The Mississippi River continues to rise as it nears record flood levels, forcing thousands of people from Arkansas to Tennessee to flee their homes. Weeks of heavy rain in the region has even forced snakes and other reptiles into residential neighborhoods as they also try to escape the rushing water.
"In one second that water...would fill up a football field 44 feet deep. In one second," said Col. Vernie Reichling, Army Corps of Engineers commander for the Memphis district, at a press conference today. The Mississippi has widened to six times its normal size in downtown New Orleans.
As of this morning, the Mississippi River has risen to 47.6 feet and was expected to crest at 48 feet later this evening, according to the National Weather Service.
Previously, the Army Corp of Engineers expected the river to rise to a record level of 48 feet early Tuesday morning -- the record crest in 1937 was 48.7 feet.
More than 1,300 homes have been ordered to evacuate and another 240 have been warned that they might need to leave. Nearly 400 people are staying in shelters.
In North Have, Tenn., the flood has forced four generations of Charles Hinkson's family to move into his home for shelter. It was supposed to be a safe place.
"We'll be on an island if it continues to rise. In fact, we're already on an island," said Hinkson to ABC News. The police have told them to go, but they won't budge, hoping the water stops rising before they are submerged.
Click here to find ways to help people affected by the flooding.
The Mississippi River has the third-largest drainage basin in the world, absorbing 41 percent of the drainage from the 48 contiguous United States, according to the Army Corps of Engineers. The massive river covers more than 1,245,000 square miles.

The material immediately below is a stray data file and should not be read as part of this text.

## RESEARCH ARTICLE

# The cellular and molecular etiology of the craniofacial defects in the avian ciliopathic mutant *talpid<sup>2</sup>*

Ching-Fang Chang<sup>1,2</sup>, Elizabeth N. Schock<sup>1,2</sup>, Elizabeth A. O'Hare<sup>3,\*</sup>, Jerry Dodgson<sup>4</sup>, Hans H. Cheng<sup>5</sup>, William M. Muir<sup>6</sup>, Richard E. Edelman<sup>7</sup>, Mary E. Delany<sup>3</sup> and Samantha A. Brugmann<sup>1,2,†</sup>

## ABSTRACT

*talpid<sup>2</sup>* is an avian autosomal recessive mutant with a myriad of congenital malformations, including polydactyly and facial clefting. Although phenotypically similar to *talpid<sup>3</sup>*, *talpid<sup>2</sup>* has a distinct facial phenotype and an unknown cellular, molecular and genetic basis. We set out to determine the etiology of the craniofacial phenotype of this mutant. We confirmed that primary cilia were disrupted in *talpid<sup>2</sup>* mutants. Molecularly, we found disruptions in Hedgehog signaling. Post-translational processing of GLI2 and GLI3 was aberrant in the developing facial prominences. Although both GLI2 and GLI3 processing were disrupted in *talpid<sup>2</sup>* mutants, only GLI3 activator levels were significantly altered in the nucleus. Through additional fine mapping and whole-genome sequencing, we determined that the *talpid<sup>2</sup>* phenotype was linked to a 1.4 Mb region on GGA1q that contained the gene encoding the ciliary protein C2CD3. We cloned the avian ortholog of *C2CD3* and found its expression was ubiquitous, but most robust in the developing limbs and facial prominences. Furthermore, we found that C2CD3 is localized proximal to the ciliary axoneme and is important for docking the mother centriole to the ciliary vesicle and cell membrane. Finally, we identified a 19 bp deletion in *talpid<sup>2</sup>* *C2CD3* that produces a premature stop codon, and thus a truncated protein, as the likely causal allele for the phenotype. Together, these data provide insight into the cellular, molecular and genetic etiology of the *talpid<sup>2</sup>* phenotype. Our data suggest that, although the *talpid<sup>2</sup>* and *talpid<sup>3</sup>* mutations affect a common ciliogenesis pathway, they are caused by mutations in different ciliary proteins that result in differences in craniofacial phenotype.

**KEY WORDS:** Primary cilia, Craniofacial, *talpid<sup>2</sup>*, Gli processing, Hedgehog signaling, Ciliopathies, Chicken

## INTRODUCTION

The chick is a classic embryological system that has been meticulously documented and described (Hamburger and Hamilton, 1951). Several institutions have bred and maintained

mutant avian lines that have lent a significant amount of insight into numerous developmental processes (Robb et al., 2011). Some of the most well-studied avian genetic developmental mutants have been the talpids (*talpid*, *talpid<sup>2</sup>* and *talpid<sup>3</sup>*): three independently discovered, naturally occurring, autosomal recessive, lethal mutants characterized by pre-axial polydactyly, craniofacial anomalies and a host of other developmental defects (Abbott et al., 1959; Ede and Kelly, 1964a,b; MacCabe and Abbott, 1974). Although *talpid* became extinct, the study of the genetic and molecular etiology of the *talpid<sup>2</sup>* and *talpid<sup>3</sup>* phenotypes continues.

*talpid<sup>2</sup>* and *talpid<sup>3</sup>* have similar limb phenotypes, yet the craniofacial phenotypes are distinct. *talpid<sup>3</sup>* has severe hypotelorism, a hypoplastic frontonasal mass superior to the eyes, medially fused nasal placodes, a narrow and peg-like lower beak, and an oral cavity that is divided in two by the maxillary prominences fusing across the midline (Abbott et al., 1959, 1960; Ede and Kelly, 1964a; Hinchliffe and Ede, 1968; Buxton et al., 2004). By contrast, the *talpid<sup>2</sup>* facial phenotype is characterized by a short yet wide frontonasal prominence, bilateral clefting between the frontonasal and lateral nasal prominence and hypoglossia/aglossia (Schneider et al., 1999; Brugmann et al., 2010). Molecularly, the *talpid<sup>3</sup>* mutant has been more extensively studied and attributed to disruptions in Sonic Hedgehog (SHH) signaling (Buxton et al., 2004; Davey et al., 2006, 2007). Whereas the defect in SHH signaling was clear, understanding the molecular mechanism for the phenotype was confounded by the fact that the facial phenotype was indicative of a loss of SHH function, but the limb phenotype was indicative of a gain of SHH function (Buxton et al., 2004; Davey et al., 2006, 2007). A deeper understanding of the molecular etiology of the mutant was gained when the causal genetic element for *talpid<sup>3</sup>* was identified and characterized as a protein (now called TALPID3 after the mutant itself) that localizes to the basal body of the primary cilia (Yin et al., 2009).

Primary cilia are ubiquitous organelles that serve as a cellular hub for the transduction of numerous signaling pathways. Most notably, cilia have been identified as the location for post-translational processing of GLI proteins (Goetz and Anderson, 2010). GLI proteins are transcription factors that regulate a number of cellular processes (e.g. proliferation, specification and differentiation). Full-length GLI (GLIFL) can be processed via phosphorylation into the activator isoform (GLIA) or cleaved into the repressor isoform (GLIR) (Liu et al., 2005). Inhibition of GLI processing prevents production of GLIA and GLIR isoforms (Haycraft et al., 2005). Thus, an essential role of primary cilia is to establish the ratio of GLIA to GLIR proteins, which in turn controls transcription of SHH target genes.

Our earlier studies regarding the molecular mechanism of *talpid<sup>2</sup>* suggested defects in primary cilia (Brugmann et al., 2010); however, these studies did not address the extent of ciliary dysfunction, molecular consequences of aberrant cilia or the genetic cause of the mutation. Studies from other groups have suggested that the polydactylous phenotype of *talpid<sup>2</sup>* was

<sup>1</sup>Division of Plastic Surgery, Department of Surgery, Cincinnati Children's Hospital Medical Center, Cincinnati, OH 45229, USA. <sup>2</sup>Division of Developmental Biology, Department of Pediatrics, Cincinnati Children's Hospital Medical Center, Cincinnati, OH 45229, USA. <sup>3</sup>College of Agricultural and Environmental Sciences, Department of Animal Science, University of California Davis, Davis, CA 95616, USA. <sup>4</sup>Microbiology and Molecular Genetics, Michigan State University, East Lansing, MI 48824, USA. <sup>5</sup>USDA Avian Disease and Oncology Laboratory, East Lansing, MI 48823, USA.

The damage has been extensive in places like Memphis, where entire neighborhoods have been swallowed by the water and vehicles completely submerged.
Memphis's Beale Street, known for being the birthplace of blues music, has been inundated with water. Flooding in the city has turned into a tourist attraction for gawkers and a nightmare for residents. However, music lovers can be reassured that the Elvis compound at Graceland is not currently under threat, according to officials.
"All this water, it scares me," said resident Regina Reene.
The levees are holding for now, but government officials are not taking any chances. Homes that are not in areas protected by the levees are in path of potential flooding, Reichling told the Associated Press.
Residents who haven't evacuated are taking precautions by using sand bags.
"It's my house and once everything's over and done with, I would prefer to have somewhere to stay," said resident Sherrica Nailor.
The Nailor's home hasn't been hit yet, but the flood waters were creeping steadily up the street just a block away.
Fearing a breach, some local businesses are tossing out sandbags and replacing them with Tiger Dams, 50 foot by 19 inch cylindrical tubes that can be stacked in a pyramid shape up to 32 feet high and interconnected to form a barrier of virtually infinite length. These dams were also used by BP after last year's Gulf oil spill disaster.
Farther downstream in Louisiana, authorities said a spillway northwest of New Orleans is expected to be opened today to ease pressure on levees, the AP reported.
ABC News Radio, Lauren Vance, Max Golembo and the Associated Press contributed this report.